Chris Berry, Professor of Political Theory at University of Glasgow, has condensed the life and work of moral philosopher and economist Adam Smith into a 10 minute lecture.
It highlights the fact that Smith, seen by many as the founder of economics, knew that there was no such thing as a rational market, that not everything can be reduced to self-interest, and there are such things as black swans. All facts that modern economists have blithely ignored.
The video marks the first ever Chinese translation of one of Adam Smiths key works, the Theory of Moral Sentiments. Berry is lecturing on the subject in China at Advanced Study in Social Science at Fudan University at the end of November.
With the modernisation of China into a global economic superpower, there is renewed interest in the work of Adam Smith, said Berry recently. It is an opportunity to look beyond the caricature that depicts him as the enemy of government regulation and believer in something called the invisible hand to produce optimum economic outcomes. In fact, if we actually read Smith then these depictions can be seen to be contrary to what he tried to teach.
Smith made it clear in Wealth of Nations that the wealth lay in the well-being of the people. This covered not only their material prosperity but also their moral welfare. He thought to be in poverty was a miserable condition and that to be condemned to repetitive limited tasks (like sharpening pins several thousand times a day) damaged our social and intellectual virtues.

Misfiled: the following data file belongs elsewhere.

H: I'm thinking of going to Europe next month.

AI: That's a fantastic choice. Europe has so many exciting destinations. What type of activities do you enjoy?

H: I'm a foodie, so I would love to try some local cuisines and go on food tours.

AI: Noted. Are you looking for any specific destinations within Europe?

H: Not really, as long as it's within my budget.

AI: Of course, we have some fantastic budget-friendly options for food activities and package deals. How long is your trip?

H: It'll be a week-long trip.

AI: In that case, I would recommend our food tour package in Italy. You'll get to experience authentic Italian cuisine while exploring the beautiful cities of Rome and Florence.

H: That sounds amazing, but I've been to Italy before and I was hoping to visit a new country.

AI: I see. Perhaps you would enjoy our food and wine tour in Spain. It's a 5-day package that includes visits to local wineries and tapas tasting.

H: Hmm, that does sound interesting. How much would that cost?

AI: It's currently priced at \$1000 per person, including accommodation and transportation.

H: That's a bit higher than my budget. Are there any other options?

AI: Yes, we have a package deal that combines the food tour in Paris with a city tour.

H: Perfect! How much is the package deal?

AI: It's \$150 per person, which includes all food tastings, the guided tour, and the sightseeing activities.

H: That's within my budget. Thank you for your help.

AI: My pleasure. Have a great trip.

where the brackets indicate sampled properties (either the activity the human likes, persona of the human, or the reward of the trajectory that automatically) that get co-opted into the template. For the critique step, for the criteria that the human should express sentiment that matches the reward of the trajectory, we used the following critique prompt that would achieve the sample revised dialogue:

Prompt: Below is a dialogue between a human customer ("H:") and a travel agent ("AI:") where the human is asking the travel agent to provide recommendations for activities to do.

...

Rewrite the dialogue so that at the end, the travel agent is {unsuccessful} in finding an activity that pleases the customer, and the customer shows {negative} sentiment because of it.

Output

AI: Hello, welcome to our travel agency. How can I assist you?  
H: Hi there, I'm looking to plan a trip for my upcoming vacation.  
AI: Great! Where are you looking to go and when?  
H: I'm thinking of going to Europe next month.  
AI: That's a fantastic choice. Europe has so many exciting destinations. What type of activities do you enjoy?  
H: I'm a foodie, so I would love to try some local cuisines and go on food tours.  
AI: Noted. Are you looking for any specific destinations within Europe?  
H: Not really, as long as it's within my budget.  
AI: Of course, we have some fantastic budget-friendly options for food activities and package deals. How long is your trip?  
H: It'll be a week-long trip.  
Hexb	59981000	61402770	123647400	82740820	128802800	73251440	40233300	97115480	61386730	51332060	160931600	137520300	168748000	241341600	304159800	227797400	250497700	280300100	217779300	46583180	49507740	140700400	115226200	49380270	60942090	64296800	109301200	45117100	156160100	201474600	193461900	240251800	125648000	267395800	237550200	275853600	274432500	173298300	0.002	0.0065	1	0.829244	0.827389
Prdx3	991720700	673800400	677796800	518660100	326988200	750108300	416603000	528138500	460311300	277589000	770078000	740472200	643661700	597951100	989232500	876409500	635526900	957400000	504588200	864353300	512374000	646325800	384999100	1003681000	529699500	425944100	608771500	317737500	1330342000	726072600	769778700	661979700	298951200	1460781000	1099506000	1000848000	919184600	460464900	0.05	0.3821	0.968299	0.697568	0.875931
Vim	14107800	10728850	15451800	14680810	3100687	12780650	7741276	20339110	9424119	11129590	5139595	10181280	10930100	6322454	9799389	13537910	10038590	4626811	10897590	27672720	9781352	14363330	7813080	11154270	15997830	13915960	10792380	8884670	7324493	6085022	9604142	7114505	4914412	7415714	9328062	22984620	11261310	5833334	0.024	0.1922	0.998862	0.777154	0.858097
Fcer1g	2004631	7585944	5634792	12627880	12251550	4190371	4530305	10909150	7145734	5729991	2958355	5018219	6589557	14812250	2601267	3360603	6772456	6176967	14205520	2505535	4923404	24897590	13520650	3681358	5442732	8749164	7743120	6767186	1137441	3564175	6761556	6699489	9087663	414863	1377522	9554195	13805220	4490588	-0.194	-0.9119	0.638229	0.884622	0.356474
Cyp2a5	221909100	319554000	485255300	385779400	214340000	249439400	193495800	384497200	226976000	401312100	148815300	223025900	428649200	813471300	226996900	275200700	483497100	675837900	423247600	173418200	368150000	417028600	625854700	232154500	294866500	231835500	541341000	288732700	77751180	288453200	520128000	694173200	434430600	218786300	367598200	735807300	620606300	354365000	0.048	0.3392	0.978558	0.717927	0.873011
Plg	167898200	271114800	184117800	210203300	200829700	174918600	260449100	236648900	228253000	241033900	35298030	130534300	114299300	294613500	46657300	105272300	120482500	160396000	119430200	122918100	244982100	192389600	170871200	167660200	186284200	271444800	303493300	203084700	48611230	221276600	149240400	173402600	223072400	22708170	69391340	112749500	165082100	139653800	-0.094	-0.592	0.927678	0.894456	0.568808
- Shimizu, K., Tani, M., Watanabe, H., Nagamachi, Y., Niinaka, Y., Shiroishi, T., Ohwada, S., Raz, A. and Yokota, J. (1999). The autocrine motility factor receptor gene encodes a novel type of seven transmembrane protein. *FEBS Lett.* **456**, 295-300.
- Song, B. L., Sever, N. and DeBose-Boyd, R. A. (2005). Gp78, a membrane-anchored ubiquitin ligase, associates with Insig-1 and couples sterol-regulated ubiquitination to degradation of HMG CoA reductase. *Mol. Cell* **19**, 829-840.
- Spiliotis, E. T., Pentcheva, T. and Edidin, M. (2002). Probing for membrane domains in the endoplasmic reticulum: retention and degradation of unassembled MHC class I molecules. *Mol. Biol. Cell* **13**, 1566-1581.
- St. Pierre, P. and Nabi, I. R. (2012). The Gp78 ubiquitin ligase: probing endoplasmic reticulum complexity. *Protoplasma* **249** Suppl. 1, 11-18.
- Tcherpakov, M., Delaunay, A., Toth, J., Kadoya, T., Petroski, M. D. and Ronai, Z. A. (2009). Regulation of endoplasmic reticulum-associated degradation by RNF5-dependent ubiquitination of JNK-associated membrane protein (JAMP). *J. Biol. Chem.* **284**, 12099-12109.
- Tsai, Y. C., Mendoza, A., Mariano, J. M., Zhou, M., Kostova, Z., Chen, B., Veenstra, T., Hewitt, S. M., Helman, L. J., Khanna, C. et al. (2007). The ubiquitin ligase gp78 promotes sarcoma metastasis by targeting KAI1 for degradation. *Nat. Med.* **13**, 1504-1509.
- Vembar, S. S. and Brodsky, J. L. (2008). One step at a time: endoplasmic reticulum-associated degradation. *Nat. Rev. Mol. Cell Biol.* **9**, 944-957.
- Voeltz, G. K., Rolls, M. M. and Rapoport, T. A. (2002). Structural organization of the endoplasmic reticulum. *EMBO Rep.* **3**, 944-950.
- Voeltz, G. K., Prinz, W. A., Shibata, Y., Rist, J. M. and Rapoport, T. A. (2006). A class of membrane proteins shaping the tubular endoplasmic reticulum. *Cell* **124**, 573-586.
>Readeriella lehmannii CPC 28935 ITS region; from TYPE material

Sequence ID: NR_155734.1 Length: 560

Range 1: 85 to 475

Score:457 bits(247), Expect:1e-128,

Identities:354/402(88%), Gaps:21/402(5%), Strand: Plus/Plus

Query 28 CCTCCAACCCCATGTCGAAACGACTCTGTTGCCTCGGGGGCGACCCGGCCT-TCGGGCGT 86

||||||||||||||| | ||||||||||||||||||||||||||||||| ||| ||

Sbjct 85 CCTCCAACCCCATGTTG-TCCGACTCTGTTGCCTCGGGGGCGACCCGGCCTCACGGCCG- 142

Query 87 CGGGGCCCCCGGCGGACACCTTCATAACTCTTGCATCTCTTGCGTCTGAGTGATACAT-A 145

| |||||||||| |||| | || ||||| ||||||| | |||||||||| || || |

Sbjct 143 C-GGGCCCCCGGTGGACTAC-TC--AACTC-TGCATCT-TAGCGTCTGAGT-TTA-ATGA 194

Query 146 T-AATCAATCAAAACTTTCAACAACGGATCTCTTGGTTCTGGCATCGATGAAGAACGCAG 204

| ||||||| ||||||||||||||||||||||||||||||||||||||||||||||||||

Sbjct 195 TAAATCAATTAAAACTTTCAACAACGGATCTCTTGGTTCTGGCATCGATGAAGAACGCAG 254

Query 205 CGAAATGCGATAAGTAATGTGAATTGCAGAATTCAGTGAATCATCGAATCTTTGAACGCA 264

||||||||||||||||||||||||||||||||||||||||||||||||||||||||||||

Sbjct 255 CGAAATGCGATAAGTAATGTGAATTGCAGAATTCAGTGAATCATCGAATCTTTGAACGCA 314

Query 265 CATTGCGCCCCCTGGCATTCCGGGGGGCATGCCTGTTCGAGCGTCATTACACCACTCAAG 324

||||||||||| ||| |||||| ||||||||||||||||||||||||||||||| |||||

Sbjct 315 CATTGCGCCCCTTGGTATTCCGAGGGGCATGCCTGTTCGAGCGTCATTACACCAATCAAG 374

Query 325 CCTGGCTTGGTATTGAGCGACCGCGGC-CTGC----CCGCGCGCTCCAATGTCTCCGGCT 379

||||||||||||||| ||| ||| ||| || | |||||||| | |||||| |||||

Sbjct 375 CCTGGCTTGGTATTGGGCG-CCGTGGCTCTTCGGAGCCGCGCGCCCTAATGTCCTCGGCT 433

Adam Smith, the supposed father of capitalism, and Karl Marx, the begetter of communism have much in common. Both were intently interested in the transition from a feudal agricultural society to a commercial or market one. Both believed this change could be explained by deep-seated economic causes and both have had their ideas co-opted to establish social systems.
Modern China, it would seem, wants the impersonal discipline of the market as the engine of modernisation and enhanced welfare. The challenge is to sustain this alongside Smiths total vision in which the conception of welfare is inseparable from the enjoyment of liberty (the right of each individual to live their own lives as they themselves see fit) within the framework of the rule of law.